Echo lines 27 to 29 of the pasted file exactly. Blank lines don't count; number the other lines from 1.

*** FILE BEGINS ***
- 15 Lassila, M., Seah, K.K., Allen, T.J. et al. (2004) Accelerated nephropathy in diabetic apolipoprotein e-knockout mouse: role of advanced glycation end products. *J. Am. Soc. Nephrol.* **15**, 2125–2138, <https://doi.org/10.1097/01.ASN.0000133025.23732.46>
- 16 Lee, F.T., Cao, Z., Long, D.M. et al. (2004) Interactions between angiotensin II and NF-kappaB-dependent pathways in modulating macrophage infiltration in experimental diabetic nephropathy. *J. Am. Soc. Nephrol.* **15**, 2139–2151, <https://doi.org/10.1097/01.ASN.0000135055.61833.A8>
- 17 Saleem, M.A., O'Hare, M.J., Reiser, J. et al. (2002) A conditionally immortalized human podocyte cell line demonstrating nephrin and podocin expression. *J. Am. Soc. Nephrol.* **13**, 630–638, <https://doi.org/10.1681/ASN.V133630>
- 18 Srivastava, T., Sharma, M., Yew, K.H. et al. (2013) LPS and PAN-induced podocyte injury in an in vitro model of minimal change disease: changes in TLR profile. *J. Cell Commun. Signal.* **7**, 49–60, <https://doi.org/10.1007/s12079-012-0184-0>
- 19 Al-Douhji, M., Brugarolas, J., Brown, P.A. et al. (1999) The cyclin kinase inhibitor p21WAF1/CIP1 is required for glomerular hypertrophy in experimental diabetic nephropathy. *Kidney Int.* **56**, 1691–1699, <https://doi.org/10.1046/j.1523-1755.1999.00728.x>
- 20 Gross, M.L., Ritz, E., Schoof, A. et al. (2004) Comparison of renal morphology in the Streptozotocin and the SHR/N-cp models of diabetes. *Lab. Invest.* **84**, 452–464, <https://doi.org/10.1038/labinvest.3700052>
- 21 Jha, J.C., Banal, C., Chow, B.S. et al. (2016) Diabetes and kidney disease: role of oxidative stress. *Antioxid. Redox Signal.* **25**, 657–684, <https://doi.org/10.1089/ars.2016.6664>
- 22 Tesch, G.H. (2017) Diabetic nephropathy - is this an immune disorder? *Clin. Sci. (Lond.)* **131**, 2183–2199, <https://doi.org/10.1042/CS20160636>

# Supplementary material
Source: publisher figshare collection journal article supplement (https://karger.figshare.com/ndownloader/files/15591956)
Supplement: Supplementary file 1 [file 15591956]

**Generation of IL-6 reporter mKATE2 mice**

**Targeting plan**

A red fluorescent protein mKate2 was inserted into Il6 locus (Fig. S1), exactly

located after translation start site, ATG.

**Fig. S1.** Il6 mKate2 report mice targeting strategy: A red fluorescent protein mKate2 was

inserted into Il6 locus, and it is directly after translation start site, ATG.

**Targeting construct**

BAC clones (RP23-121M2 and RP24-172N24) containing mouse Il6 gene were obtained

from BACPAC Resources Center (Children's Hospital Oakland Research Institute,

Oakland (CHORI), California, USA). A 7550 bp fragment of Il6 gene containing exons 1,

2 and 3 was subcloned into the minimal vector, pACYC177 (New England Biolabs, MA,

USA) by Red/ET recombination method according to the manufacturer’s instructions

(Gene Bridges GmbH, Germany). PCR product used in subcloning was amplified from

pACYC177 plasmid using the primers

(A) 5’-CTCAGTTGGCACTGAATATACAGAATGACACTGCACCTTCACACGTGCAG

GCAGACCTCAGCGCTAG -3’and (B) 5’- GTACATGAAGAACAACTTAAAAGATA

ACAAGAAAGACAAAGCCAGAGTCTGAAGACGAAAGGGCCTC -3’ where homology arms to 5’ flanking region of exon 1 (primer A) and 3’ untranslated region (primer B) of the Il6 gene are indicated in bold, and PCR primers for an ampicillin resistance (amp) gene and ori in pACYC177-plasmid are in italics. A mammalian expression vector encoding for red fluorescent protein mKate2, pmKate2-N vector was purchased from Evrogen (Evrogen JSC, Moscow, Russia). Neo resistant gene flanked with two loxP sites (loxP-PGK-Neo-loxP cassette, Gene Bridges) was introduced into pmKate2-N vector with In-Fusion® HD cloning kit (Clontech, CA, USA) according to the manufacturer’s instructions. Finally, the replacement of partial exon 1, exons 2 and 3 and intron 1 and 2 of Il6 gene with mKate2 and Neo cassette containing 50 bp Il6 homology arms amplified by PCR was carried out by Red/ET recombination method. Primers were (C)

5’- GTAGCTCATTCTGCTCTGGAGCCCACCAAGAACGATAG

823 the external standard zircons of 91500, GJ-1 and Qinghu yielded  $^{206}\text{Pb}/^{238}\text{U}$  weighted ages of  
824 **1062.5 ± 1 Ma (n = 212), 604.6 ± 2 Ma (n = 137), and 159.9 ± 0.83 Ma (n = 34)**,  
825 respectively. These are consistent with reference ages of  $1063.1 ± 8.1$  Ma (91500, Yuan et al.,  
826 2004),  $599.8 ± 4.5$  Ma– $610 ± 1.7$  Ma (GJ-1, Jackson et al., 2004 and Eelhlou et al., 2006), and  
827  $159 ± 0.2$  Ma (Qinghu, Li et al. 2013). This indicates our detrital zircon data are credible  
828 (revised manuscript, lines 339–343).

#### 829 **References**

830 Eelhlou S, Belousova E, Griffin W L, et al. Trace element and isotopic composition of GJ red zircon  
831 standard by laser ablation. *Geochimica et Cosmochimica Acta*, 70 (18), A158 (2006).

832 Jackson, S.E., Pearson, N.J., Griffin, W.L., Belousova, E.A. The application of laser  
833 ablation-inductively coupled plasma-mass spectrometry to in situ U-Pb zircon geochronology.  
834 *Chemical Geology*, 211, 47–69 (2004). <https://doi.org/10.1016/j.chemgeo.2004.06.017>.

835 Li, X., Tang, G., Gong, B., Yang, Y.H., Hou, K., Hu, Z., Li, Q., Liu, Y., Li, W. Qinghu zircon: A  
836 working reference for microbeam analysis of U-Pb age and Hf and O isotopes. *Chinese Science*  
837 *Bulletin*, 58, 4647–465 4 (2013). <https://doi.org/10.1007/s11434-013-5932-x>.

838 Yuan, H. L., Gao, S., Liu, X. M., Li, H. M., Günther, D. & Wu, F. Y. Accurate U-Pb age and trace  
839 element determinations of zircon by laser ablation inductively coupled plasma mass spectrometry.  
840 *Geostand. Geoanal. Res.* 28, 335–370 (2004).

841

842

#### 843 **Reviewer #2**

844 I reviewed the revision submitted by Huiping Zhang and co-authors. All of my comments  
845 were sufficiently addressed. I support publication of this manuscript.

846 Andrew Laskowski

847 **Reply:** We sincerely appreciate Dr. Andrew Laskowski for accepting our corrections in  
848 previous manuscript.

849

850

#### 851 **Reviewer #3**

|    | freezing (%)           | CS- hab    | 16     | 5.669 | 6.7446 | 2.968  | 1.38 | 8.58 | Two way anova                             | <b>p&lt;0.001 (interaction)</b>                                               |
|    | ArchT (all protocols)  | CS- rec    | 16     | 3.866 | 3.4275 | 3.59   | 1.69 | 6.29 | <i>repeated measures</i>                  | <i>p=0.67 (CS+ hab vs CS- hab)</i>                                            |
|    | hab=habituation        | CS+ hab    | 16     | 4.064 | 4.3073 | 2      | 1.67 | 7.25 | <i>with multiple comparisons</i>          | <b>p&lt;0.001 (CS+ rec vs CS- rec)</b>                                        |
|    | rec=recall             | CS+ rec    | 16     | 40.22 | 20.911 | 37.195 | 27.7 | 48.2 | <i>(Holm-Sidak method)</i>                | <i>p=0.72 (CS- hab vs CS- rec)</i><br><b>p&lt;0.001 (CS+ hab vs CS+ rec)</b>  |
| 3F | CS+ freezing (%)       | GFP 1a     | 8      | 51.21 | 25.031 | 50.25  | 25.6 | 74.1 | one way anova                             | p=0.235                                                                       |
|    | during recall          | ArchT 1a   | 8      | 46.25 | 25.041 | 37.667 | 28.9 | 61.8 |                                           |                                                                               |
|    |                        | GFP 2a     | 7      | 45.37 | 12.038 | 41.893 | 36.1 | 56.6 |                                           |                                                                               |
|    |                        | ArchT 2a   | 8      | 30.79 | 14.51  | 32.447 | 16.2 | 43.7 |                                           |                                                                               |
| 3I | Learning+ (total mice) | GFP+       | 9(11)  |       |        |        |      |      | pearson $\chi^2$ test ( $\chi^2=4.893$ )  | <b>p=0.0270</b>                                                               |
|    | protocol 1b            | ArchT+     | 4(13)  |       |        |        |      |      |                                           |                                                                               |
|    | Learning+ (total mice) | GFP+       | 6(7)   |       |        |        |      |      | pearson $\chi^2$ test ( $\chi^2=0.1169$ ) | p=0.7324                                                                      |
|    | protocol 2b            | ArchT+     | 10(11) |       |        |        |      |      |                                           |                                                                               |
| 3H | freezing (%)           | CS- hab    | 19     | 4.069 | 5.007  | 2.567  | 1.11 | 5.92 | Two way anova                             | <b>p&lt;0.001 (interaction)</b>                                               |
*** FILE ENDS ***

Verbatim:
GCAGACCTCAGCGCTAG -3’and (B) 5’- GTACATGAAGAACAACTTAAAAGATA

ACAAGAAAGACAAAGCCAGAGTCTGAAGACGAAAGGGCCTC -3’ where homology arms to 5’ flanking region of exon 1 (primer A) and 3’ untranslated region (primer B) of the Il6 gene are indicated in bold, and PCR primers for an ampicillin resistance (amp) gene and ori in pACYC177-plasmid are in italics. A mammalian expression vector encoding for red fluorescent protein mKate2, pmKate2-N vector was purchased from Evrogen (Evrogen JSC, Moscow, Russia). Neo resistant gene flanked with two loxP sites (loxP-PGK-Neo-loxP cassette, Gene Bridges) was introduced into pmKate2-N vector with In-Fusion® HD cloning kit (Clontech, CA, USA) according to the manufacturer’s instructions. Finally, the replacement of partial exon 1, exons 2 and 3 and intron 1 and 2 of Il6 gene with mKate2 and Neo cassette containing 50 bp Il6 homology arms amplified by PCR was carried out by Red/ET recombination method. Primers were (C)

5’- GTAGCTCATTCTGCTCTGGAGCCCACCAAGAACGATAG